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The Bible In A Year: Day 42

Leviticus 12-13
Psalm 38
Mark 7

Chapter 12 of Leviticus is all about the ceremonial purification of women after having a baby. There are separate lengths of time involved depending on the sex of the child born, although interestingly there’s no indication on what to do if a pair of male and female twins were born, but that’s the kind of job that the priests had was to interpret the application of the laws as given.

For a male child, the mother was to offer a sacrifice for purification after 40 days. In Luke 2:1 we see the holy family going to Jerusalem to offer the sacrifice for the Blessed Mother’s purification, but instead of offering the lamb as prescribed, they offer the doves which was an option reserved for the poor. This is how we know that the Holy Family was numbered among the poor, and is another way that God condescended down to our level when he took on flesh and became man. He was born to a poor family, in a small village, in a backwater province of the mightiest empire the world had ever seen. He could’ve came as the son of a king or emperor, but he chose this humble young girl from Nazareth to be his mother for all eternity.

It’s important to note that this offering is for ceremonial uncleanliness according to the old covenant, the same kind of uncleanliness you’d “contract” after your disposed of a dead animal or any other number of non sinful activities that were deemed to be unclean according to this Levitical Law. Mary offers the sacrifice for ceremonial purification, not to atone for a sin.

An interesting note about this purification sacrifice is that many church fathers maintained that the blessed mother didn’t need to offer this sacrifice in the strictest sense, as her nature of being full of God’s grace would prevent her not just from sinning, but also from becoming unclean. This is similar to the way that Jesus was touched by the woman who was hemorrhaging for 12 years, and he didn’t become unclean as a result. They say that she offered the sacrifice according to the law so as not to scandalize others into thinking she was shirking her responsibility under the law. This is also similar to how her son paid the temple tax with Peter, even though he made clear to Peter that they were exempt from that requirement. And also like how he submitted to John’s baptism of repentance, even though he had nothing to repent of.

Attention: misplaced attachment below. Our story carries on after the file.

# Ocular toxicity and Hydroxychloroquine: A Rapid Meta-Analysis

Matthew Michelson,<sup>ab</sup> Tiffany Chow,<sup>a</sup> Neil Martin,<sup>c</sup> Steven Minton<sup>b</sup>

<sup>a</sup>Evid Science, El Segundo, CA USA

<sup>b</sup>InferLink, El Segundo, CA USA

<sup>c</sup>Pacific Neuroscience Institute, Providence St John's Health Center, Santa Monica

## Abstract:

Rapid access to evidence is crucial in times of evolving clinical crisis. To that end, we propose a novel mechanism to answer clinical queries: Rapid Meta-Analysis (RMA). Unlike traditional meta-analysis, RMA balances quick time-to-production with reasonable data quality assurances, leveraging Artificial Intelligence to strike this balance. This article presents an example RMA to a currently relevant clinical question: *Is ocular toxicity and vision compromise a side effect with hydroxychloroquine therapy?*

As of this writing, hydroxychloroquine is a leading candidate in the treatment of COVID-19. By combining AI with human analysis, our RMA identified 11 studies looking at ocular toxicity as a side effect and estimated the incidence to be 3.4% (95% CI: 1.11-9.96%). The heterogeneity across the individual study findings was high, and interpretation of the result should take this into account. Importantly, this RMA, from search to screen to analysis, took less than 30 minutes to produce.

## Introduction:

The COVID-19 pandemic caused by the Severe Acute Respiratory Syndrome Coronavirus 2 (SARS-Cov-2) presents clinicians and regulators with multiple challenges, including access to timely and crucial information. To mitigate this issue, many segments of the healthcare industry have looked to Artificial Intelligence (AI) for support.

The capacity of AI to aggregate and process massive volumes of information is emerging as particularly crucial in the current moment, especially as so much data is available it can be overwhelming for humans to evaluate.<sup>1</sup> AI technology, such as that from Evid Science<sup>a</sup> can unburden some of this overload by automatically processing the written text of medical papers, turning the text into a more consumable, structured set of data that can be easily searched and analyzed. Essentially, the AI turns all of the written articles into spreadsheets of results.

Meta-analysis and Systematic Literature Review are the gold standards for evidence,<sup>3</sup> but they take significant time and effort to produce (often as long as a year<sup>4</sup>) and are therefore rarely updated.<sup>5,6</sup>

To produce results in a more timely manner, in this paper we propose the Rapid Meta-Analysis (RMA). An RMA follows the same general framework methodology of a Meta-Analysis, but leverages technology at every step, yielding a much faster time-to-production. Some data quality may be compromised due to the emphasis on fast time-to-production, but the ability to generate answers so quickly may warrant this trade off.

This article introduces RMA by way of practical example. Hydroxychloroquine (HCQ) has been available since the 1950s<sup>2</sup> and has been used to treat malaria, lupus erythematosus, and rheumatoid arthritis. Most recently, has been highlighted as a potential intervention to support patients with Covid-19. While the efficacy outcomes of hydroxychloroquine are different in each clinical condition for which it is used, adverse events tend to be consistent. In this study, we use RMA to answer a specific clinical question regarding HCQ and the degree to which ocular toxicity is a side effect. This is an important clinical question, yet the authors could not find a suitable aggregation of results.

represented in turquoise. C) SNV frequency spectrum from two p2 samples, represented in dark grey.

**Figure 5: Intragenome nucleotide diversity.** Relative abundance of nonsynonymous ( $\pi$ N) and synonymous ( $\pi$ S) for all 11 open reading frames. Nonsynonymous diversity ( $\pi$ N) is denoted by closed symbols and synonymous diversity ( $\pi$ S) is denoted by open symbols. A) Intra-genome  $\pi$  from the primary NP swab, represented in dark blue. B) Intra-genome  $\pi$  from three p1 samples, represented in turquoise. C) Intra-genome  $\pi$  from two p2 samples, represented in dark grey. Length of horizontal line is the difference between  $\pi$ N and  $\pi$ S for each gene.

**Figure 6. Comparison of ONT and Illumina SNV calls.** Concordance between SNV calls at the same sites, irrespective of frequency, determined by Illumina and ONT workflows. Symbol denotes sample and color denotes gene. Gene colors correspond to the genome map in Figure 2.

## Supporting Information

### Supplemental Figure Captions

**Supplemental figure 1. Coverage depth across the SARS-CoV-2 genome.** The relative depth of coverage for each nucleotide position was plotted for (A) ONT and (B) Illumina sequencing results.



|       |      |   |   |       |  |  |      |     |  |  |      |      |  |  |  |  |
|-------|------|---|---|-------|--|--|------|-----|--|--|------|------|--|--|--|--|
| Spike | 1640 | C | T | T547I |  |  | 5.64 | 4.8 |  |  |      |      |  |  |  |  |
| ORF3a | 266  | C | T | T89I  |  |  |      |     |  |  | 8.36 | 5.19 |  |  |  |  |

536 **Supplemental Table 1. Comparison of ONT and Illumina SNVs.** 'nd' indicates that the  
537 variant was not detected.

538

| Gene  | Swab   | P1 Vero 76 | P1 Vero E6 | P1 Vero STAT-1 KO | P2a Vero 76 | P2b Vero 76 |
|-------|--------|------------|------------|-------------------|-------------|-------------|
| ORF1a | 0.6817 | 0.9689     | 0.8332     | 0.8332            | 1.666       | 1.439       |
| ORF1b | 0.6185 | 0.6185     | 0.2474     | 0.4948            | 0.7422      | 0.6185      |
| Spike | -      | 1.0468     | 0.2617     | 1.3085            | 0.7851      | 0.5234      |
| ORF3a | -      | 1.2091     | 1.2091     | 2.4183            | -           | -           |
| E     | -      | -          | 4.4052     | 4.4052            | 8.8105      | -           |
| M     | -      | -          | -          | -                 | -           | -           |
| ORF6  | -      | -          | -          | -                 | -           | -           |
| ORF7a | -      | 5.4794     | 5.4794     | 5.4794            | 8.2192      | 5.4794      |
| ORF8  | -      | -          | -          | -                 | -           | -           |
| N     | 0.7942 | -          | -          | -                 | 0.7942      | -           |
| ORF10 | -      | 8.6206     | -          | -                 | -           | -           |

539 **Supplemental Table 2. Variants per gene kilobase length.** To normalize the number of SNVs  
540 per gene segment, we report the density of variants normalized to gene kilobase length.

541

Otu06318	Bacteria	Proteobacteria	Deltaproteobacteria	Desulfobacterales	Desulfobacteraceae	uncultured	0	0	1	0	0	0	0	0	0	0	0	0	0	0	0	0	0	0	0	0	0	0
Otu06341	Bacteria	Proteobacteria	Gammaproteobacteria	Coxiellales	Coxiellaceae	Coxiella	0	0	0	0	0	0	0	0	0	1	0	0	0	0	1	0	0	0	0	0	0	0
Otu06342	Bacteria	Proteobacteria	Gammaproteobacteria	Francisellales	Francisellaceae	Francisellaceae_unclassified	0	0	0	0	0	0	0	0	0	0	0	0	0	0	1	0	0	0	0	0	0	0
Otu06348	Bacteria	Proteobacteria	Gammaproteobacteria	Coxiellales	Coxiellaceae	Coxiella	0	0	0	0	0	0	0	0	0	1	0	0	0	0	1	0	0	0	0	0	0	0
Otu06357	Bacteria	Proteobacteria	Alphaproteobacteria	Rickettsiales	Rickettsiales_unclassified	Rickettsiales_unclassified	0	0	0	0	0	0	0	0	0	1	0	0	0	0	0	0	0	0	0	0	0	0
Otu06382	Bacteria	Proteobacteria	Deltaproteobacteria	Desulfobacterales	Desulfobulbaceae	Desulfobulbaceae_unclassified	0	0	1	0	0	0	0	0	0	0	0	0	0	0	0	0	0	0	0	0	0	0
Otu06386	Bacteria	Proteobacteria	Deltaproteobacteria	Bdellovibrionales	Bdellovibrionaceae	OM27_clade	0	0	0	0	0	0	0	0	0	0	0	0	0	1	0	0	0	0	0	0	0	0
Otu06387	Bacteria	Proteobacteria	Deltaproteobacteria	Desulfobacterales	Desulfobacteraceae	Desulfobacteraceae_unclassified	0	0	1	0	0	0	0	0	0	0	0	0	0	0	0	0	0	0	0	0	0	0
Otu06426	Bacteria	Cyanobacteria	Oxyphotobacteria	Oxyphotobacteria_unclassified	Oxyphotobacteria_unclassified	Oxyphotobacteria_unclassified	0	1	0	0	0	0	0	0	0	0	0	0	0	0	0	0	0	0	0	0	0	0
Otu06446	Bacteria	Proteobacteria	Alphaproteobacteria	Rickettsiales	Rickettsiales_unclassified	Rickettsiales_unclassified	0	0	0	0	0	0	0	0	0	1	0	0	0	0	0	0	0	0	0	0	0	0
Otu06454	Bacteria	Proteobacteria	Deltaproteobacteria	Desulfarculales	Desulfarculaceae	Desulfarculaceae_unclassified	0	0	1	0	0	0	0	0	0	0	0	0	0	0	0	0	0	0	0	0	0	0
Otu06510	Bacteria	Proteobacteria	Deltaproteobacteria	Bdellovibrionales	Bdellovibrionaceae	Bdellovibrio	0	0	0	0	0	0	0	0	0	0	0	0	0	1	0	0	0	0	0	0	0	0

In chapter 13 the text goes over the variations of symptoms one might present with if infected with leprosy. In an age before modern medicine, many ailments had the potential to be fatal or life altering, and this was one of them. It’s prudent and good governance to separate the infected from the uninfected for such communicable diseases, and for leprosy this practice continued well into the 20th century, even in the developed world.

Mark 7

This chapter in Mark begins with the Pharisees attacking Jesus and his disciples for being lax in observance of one of their rituals that wasn’t found in the Mosaic Law, but was part of the body of law added by the scribes and Pharisees in their interpretation of the law. Think an overactive judiciary making its own law via rulings, but worse than doing this when the law is supposed to be written by a legislative body or even a monarch, they’re overreaching on laws that were made by the Divine King of The Universe.